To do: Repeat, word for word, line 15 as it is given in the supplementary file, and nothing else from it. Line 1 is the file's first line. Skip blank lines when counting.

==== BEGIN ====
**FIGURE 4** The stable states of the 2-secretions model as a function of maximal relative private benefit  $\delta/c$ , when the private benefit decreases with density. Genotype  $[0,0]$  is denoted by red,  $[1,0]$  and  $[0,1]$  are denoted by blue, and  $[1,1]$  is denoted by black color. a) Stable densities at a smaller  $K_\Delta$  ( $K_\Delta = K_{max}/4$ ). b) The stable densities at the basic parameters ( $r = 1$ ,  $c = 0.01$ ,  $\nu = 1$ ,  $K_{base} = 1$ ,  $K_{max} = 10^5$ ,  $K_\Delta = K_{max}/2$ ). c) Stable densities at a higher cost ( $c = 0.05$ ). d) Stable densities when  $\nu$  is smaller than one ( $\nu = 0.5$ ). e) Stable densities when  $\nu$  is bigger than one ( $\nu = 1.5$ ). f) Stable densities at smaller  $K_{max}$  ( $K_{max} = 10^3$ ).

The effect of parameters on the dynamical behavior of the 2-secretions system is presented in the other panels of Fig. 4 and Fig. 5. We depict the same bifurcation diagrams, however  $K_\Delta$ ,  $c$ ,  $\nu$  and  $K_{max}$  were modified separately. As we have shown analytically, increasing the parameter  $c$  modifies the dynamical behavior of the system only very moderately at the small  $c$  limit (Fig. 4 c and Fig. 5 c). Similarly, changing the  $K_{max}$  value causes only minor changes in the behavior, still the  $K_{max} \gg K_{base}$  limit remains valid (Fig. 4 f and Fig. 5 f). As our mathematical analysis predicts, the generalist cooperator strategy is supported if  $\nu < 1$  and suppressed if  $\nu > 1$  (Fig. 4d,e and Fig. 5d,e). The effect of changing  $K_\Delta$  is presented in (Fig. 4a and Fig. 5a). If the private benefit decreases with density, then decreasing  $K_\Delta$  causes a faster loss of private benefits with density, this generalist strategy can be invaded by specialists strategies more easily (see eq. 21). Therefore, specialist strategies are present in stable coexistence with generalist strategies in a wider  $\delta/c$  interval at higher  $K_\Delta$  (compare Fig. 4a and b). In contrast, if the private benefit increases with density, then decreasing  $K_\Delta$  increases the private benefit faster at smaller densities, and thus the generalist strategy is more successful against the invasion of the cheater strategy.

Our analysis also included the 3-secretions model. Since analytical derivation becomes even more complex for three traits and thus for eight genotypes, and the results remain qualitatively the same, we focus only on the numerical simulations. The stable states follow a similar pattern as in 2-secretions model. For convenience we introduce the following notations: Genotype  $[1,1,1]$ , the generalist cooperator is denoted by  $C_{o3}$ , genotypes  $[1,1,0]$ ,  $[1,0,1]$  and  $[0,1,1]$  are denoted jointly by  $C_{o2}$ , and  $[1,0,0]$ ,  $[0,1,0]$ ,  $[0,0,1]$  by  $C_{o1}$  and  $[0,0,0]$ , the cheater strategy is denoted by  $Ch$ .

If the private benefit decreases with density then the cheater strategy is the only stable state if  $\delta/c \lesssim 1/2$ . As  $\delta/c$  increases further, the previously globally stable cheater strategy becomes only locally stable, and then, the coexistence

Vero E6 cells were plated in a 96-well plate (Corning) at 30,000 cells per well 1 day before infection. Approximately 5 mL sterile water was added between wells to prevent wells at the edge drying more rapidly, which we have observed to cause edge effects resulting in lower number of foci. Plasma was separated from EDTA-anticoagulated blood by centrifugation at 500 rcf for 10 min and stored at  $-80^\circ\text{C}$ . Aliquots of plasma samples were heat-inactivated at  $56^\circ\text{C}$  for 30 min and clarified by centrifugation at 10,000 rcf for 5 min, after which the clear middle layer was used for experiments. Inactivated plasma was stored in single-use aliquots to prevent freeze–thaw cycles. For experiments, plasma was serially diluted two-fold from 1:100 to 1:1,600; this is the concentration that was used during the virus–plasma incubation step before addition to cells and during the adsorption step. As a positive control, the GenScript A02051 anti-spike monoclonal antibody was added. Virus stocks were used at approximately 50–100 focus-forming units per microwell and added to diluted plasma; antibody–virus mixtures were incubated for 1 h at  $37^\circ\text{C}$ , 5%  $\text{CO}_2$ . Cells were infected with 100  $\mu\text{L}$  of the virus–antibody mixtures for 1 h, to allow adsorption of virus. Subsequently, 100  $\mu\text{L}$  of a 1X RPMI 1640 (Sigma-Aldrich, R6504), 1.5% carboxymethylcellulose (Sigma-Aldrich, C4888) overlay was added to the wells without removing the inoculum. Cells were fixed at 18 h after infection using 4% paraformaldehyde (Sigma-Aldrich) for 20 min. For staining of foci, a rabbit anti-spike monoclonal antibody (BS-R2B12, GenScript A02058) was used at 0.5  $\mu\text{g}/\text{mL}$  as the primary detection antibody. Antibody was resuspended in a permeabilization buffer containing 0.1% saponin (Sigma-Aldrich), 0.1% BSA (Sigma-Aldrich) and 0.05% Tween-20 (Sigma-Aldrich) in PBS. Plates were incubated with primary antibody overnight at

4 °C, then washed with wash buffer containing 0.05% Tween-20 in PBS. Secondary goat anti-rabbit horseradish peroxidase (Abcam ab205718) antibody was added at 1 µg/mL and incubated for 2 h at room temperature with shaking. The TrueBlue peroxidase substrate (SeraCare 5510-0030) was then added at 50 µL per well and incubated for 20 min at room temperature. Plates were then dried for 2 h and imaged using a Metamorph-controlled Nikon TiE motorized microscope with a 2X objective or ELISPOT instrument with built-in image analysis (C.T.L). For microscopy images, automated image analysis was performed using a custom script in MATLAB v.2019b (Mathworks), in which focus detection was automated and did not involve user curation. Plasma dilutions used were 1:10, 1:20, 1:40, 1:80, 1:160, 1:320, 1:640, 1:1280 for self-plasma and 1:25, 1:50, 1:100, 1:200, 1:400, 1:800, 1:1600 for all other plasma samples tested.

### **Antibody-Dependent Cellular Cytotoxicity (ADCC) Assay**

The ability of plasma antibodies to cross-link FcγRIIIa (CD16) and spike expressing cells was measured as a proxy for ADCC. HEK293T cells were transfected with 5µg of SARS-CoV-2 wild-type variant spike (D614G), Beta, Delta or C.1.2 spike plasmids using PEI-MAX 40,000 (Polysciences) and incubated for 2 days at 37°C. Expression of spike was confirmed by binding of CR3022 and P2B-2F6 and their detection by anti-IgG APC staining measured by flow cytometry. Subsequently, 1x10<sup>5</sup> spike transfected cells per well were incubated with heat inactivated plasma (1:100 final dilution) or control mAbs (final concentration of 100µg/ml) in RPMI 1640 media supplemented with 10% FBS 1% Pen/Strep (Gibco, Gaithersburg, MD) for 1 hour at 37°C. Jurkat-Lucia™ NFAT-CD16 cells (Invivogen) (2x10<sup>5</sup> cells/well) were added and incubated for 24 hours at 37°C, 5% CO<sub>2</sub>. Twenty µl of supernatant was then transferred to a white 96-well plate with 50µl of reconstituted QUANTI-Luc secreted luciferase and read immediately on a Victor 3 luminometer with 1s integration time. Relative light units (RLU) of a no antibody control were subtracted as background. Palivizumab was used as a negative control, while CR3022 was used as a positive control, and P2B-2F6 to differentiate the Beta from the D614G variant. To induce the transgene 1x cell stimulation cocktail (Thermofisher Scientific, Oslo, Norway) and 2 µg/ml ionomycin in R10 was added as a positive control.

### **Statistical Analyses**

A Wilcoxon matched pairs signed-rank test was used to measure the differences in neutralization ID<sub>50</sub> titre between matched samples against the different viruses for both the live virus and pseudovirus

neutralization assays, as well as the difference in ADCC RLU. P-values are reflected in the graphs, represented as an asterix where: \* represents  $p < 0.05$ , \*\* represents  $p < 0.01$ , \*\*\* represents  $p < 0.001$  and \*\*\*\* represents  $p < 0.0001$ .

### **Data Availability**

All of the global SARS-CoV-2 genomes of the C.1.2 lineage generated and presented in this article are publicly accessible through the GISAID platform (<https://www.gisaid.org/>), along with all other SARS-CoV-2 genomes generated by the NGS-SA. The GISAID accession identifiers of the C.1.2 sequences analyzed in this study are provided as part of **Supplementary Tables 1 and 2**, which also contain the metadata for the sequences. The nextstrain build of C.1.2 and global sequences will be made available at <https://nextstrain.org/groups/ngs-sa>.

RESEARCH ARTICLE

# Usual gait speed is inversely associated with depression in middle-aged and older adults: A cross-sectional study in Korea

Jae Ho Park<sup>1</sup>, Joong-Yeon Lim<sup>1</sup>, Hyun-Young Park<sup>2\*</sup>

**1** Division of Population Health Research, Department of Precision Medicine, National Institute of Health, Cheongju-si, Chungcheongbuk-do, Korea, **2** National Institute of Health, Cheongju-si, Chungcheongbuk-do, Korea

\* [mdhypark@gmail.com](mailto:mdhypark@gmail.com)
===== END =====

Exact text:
# Usual gait speed is inversely associated with depression in middle-aged and older adults: A cross-sectional study in Korea